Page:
The relationship between Sarvodaya and the Sangha is a symbiotic one, in that each benefits the other. As the monks serve as extension agents for the Movement's development program so do the Movement's ideology and expectations serve to revitalize their Order and their sense of vocation, restoring the wider social responsibilities they carried in precolonial days. This effect on the Sangha is not incidental or just a "spin-off," but an acknowledged goal of Sarvodaya.9
The Buddhist tradition of religious pluralism ... is also present in Sarvodaya. Ariyaratne claims that "the Sarvodaya Movement, while originally inspired by the Buddhist tradition, is active throughout our multi-ethnic society, working with Hindu, Muslim and Christian communities and involving scores of thousands of Hindu, Muslim and Christian co-workers. Our message of awakening transcends any effort to categorize it as the teaching of a particular creed.10
As to Sarvodaya's relations with the State, Ariyaratne claims that "when some aspects of the established order conform with the righteous principles of the Movement, the Movement co-operates with those aspects. When they become unrighteous, in those areas the Movement does not co-operate and may even extend non-violent non-co-operation [though so far it has never done so-Jones's interpolation)]. In be- tween these two extremes there is a vast area ... in which establishments like the government and the Sarvodaya Movement can co-operate."11 In fact, since there is virtually a national consensus about the desirability of rural self-help schemes Sarvodaya has been able to operate over politically neutral ground. Whilst co-operating with relevant government policies and accommodating to the national and local power structure, the Sarvodaya Leadership's ambivalent and non-committal pragmatism has, arguably, so far enabled it to avoid compromising the movement's integrity.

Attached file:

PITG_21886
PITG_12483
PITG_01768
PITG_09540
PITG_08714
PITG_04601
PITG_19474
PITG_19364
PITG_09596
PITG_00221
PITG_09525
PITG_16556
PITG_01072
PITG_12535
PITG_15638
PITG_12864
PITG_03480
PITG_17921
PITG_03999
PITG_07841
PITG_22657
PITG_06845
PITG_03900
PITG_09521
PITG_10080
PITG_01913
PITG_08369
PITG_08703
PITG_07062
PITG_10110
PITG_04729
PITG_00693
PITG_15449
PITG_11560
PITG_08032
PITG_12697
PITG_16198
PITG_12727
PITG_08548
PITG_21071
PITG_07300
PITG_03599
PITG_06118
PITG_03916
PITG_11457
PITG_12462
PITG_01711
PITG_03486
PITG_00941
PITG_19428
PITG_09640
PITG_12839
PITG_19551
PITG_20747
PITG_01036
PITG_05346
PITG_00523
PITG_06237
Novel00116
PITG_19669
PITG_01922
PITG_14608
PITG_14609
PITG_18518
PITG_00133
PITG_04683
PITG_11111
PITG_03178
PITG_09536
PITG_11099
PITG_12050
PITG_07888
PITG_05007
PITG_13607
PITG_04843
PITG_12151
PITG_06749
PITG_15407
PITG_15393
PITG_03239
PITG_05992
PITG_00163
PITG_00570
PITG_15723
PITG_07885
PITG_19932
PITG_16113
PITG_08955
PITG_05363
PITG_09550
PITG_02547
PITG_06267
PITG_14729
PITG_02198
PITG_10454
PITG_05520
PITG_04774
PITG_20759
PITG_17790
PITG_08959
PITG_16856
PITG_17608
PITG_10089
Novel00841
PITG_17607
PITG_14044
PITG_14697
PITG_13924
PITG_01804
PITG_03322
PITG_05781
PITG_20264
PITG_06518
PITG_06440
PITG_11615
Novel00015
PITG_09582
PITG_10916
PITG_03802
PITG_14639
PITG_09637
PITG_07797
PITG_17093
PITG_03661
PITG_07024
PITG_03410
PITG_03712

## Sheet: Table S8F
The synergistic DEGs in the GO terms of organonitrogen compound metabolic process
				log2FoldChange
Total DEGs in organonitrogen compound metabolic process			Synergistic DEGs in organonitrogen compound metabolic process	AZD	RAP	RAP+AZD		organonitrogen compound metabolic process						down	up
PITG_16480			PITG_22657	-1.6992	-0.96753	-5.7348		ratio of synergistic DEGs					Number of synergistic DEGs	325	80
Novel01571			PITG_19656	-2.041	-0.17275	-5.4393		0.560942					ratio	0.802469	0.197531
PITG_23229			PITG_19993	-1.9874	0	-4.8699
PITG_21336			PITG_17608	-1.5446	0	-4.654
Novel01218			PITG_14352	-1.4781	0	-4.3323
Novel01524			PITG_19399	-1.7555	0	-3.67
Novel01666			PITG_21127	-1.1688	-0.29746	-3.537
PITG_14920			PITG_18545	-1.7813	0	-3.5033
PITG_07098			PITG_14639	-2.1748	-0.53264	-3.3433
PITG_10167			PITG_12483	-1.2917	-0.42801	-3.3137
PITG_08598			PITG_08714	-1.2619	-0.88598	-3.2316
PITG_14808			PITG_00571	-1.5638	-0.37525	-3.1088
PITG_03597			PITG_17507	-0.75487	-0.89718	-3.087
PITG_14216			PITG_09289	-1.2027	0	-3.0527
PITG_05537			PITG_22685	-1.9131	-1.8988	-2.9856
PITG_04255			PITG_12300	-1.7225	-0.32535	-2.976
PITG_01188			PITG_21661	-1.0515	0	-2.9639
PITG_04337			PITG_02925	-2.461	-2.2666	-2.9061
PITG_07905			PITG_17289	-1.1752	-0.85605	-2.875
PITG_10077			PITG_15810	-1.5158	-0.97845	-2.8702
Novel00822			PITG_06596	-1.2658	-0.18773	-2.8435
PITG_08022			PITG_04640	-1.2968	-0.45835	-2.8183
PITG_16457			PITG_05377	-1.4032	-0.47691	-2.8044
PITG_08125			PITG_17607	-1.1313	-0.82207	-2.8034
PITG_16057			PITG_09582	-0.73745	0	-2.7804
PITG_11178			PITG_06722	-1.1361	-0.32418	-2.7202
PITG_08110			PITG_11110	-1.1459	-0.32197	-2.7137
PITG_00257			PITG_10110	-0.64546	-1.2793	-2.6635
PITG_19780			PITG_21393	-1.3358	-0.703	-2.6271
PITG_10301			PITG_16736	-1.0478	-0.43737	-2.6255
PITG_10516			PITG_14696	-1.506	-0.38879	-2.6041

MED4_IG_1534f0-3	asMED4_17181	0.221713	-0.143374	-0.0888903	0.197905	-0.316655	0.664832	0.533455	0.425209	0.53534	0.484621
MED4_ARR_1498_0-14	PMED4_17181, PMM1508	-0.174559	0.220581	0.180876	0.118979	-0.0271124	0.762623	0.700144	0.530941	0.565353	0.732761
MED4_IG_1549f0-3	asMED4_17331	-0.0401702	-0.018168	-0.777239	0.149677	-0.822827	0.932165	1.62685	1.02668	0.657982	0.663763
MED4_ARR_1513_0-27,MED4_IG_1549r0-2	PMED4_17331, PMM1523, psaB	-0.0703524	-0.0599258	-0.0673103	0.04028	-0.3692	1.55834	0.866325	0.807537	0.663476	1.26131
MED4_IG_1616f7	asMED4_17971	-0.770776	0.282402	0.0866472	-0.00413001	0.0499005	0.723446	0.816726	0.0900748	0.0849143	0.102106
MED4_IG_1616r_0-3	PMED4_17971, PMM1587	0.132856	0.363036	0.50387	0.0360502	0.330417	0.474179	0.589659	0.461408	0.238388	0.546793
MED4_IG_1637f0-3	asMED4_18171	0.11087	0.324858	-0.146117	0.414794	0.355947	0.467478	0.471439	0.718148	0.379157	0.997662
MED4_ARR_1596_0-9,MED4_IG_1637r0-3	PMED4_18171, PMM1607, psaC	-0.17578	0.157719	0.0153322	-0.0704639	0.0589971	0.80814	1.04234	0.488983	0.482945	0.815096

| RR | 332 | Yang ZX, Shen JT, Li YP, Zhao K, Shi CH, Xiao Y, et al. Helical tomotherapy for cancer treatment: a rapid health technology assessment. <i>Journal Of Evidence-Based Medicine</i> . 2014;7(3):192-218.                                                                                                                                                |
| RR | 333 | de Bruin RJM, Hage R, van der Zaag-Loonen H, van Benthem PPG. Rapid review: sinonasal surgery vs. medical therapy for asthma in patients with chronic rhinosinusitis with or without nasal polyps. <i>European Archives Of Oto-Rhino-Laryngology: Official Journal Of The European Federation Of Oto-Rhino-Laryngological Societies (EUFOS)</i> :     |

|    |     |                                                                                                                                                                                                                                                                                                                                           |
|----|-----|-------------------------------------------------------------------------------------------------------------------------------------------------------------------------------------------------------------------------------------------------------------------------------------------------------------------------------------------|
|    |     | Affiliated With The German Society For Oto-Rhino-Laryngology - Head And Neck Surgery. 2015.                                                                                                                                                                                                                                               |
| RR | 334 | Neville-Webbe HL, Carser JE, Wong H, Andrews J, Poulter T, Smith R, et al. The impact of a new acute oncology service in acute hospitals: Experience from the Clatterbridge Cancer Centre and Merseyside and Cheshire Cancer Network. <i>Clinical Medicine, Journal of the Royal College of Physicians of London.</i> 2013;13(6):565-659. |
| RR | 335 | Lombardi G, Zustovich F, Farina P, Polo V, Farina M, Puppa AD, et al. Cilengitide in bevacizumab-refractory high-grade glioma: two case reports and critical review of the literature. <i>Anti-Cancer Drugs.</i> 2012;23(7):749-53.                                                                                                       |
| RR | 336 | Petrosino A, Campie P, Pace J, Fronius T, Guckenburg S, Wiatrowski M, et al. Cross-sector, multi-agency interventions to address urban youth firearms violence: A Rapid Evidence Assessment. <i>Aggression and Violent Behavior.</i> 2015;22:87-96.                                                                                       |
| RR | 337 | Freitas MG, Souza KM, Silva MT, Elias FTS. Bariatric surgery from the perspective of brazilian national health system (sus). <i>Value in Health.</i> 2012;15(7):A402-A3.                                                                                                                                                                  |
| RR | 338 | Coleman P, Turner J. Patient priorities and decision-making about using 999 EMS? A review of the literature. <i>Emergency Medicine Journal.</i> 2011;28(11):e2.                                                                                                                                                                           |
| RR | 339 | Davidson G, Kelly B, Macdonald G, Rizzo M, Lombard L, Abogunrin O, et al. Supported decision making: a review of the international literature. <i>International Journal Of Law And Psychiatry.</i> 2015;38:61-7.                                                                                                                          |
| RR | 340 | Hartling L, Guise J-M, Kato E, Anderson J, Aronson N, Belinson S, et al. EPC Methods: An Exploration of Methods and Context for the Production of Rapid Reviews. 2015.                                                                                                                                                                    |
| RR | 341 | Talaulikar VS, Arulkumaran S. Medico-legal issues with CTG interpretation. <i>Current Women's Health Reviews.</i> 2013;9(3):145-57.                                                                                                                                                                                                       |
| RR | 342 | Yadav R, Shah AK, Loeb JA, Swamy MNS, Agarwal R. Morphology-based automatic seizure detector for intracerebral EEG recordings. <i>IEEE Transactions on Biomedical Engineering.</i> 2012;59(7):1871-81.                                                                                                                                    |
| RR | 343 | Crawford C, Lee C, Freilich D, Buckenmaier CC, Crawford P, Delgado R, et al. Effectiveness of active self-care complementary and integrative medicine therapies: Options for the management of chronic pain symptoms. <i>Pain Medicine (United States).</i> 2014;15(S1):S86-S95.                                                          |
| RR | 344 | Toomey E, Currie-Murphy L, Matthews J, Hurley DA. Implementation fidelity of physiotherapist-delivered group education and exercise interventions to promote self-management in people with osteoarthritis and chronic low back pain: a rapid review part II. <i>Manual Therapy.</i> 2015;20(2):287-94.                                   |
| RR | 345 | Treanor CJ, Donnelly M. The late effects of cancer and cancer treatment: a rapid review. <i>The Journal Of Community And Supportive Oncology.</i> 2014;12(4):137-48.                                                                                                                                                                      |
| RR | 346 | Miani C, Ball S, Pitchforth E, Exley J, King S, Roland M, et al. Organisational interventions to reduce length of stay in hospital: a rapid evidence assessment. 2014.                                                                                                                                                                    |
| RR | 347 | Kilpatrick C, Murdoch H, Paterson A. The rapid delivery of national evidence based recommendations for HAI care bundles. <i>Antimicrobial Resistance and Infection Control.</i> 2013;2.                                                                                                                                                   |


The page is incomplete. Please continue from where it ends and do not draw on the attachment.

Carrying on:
Jones goes on from this point to describe in detail how since the 1970s Sarvodaya's growth in size and complexity and its relations with state economic policies have subjected it to new pressures that have raised controversial but by no means insurmountable questions about its character and future.
Copyright Ken H. jones. Reprinted from The Social Face of Buddhism with permission of Wisdom Publications, 361 Newbury Street, Boston, Massachusetts, U.S.A.